Editor's note: Firstpost reached out to several members of the LGBTQ community for their reaction to the Supreme Court verdict on Section 377 of the Indian Penal Code. We tried to compile voices from across the LGBTQA+ spectrum and give their stories a platform in their voice. The following are first-person accounts, lightly edited for style and clarity. Names of some of the people have been withheld/ changed upon request. The following articles were originally written in Bengali and have been translated by Bhaskar Chattopadhyay and Dhrubo Jyothi.
Adi Basu, student at Jadavpur University and a transman
Translated from Bengali by Bhaskar Chattopadhyay
The seven colours of the rainbow send shivers through my body today – colours free from the shadow of Article 377. After the longest period of time, we witness fearless celebrations in every nook and corner of the city. Section 377 of the IPC – the notorious law that snatches from us one of the most basic human rights – the right to love. As the same rule lies shattered in the dust, the mind’s joys seem to know no bounds.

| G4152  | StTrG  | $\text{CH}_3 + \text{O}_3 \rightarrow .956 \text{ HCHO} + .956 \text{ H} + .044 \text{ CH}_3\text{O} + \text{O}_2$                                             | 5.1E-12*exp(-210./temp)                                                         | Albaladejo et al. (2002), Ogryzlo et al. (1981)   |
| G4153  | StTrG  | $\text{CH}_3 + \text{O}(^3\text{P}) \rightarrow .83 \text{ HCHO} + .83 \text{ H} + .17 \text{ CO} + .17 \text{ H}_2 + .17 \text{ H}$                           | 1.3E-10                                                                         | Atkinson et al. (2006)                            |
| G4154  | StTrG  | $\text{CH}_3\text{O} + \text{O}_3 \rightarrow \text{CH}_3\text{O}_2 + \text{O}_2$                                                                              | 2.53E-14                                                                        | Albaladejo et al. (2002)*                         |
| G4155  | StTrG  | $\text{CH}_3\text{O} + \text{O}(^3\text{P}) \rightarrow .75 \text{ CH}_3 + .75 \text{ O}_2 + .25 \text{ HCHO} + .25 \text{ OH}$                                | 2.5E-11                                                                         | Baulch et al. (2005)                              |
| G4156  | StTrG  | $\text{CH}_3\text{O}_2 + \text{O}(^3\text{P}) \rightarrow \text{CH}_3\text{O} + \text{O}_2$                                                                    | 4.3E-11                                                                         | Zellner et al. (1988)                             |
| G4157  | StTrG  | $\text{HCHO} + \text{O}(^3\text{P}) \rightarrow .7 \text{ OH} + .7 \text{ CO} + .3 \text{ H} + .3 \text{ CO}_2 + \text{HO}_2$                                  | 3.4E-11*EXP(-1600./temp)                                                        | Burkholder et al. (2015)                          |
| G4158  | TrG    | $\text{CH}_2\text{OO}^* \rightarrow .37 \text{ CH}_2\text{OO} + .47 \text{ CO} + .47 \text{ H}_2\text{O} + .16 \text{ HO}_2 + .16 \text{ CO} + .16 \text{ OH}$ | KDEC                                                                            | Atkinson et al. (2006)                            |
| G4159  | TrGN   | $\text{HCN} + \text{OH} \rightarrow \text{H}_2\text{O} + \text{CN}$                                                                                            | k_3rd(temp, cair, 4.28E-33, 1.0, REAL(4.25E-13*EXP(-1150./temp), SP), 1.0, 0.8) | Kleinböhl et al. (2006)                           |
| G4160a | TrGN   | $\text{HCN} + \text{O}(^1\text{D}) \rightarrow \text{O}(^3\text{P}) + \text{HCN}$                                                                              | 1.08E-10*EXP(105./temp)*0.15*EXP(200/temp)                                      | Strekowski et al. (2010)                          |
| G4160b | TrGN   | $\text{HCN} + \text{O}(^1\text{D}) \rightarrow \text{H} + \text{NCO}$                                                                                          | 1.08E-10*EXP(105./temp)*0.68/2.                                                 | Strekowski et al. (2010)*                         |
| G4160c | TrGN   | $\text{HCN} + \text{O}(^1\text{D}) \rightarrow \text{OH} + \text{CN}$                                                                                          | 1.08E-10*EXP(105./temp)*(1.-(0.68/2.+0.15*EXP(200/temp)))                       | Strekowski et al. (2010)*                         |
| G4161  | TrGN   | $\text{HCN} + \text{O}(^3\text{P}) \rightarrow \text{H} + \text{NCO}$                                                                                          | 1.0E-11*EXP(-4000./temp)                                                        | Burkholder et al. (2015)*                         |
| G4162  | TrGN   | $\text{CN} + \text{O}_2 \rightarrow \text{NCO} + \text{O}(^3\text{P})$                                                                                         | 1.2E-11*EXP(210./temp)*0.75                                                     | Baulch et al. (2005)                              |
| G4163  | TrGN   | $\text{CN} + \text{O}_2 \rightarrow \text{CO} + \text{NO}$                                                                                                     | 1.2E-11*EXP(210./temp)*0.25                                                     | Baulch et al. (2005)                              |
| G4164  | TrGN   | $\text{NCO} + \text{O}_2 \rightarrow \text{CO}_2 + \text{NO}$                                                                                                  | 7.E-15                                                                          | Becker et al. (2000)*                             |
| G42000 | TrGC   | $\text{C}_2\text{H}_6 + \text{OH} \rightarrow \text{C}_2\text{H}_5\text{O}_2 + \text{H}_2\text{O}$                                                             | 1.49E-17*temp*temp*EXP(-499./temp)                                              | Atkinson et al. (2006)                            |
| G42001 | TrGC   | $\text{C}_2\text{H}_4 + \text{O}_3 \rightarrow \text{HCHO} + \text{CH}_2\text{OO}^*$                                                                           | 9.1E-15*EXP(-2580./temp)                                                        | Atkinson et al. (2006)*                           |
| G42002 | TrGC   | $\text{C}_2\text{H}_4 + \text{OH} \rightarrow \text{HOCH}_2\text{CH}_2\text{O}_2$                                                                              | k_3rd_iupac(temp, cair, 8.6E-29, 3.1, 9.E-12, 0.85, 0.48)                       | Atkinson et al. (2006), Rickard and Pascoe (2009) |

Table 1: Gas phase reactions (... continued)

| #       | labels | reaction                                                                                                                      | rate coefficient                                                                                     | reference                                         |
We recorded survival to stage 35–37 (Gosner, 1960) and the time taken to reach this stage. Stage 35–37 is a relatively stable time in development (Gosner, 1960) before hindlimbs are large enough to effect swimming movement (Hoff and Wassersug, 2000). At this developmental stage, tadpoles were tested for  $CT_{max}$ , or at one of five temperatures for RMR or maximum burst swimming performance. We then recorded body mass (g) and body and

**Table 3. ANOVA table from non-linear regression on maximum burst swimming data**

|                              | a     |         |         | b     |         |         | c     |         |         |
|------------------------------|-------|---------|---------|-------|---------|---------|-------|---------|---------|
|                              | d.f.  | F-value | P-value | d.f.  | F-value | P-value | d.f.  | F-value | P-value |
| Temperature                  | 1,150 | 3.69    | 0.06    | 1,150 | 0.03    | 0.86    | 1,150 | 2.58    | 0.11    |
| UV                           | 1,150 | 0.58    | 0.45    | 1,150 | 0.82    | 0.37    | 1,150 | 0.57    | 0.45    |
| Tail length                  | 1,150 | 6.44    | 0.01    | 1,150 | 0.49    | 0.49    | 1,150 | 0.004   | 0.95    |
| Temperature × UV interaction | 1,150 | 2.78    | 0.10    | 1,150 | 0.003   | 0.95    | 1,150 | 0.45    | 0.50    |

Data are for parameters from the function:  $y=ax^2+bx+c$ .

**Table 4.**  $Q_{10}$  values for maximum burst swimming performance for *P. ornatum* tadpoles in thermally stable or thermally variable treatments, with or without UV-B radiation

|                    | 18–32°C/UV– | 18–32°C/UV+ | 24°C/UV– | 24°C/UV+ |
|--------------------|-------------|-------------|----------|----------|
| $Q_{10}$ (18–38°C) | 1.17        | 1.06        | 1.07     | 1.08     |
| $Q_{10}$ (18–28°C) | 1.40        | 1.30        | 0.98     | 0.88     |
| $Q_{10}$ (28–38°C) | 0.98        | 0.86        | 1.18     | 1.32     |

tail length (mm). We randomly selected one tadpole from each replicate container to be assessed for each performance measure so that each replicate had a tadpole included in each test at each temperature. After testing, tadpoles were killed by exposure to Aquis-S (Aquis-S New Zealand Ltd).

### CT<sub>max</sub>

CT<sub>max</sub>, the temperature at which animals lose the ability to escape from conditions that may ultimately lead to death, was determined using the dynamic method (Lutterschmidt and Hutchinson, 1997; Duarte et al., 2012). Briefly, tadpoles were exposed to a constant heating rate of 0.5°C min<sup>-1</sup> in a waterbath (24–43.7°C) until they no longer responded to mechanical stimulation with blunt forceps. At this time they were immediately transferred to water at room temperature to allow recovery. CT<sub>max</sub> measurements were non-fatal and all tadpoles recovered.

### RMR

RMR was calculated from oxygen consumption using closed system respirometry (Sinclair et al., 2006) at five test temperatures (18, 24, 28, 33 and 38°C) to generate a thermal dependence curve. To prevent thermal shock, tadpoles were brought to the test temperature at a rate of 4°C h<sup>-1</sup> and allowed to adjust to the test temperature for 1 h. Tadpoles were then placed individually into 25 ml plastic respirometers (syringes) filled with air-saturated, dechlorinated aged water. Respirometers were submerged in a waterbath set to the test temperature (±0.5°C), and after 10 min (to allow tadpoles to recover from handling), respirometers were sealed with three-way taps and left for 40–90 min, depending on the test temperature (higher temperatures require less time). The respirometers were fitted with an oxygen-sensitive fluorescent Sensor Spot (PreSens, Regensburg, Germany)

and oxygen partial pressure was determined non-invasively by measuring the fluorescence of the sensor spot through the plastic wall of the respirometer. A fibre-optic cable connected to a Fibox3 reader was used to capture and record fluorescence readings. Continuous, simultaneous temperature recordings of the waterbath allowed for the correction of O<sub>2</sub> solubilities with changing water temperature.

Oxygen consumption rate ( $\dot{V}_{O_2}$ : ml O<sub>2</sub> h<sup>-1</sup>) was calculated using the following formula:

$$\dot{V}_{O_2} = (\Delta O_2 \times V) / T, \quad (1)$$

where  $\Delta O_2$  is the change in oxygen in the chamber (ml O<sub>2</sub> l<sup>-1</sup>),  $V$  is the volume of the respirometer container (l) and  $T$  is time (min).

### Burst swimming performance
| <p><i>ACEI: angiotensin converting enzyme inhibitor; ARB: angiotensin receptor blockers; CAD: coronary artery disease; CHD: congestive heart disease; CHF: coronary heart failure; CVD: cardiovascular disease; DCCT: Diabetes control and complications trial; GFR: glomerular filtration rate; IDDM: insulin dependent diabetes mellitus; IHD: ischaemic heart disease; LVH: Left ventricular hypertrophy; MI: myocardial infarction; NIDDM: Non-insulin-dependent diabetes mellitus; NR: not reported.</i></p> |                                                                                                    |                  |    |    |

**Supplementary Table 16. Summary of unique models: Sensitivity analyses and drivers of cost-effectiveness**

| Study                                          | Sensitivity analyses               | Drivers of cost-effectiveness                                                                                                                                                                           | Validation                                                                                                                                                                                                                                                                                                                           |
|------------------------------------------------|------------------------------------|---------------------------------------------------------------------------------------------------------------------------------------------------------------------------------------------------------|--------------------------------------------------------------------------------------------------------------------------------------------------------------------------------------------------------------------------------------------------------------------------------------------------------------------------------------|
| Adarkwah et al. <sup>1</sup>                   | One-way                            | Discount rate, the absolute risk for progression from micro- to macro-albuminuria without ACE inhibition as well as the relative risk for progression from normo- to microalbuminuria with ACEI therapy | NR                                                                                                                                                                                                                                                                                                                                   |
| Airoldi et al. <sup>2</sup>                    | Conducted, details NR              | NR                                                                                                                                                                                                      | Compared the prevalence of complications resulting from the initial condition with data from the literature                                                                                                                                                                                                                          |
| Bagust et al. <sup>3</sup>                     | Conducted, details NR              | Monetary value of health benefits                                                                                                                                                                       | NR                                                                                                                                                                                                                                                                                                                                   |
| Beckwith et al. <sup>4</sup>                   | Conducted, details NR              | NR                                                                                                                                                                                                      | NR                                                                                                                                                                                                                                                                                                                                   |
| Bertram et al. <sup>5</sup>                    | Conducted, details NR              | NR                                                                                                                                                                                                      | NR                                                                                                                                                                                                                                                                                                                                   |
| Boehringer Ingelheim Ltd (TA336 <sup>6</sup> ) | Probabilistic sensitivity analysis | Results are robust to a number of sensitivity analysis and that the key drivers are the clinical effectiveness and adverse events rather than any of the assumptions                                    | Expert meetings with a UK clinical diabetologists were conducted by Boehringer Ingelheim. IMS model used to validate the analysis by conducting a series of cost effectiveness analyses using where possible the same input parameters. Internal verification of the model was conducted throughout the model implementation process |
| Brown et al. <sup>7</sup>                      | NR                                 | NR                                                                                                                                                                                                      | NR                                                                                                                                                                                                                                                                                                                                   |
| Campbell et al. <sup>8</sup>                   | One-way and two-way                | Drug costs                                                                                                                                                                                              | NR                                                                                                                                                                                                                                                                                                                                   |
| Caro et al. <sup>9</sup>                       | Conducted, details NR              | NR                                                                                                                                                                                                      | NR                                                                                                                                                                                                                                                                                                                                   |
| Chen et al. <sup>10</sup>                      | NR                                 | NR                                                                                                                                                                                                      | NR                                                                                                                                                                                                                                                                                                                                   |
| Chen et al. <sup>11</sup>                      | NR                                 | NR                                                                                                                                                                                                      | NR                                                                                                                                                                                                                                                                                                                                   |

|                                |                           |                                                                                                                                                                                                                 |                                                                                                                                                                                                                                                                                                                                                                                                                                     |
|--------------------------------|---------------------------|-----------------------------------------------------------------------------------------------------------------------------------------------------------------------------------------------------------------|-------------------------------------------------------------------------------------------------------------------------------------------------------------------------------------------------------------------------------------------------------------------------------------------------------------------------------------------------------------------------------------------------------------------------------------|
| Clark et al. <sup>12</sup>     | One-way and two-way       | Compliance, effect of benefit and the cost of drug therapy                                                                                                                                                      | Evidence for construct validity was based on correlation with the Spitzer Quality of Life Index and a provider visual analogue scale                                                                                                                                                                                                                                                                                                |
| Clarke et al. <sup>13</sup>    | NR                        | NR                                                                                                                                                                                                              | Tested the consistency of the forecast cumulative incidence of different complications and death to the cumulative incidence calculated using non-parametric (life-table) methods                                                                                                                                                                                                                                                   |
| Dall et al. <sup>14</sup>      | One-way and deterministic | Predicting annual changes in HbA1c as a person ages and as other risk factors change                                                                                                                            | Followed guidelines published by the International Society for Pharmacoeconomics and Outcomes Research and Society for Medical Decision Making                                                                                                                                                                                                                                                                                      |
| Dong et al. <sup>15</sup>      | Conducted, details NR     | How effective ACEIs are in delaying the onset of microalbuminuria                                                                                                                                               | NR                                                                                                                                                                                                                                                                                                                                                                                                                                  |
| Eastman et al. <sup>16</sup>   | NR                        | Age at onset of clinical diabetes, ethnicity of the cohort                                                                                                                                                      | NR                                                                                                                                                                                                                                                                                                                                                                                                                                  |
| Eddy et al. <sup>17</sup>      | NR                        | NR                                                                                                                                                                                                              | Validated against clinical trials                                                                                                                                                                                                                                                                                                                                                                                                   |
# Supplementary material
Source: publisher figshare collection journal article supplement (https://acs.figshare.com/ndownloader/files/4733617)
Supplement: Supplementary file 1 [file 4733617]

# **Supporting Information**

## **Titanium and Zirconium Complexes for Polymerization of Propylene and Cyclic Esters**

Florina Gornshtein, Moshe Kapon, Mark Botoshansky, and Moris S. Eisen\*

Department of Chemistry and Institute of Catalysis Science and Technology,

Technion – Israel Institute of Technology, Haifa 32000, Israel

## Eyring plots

Through some of the strictest of laws, the Indian legal system has bound LGBTQ people in chains over the years. They don’t have the simplest of rights. In order to live a life of dignity, they have to fight much bigger battles than the rest of us. As it is, our social system has always tried to victimise them ruthlessly. Day and night, they find themselves the targets of raised eyebrows. They live a life in which deprivation seems to be an everyday affair – the natural order of things. In the face of adversity, they swim against the tide with incredible strength. Under such circumstances, if the law does not come to their aid, how are these people going to live a healthy and normal life?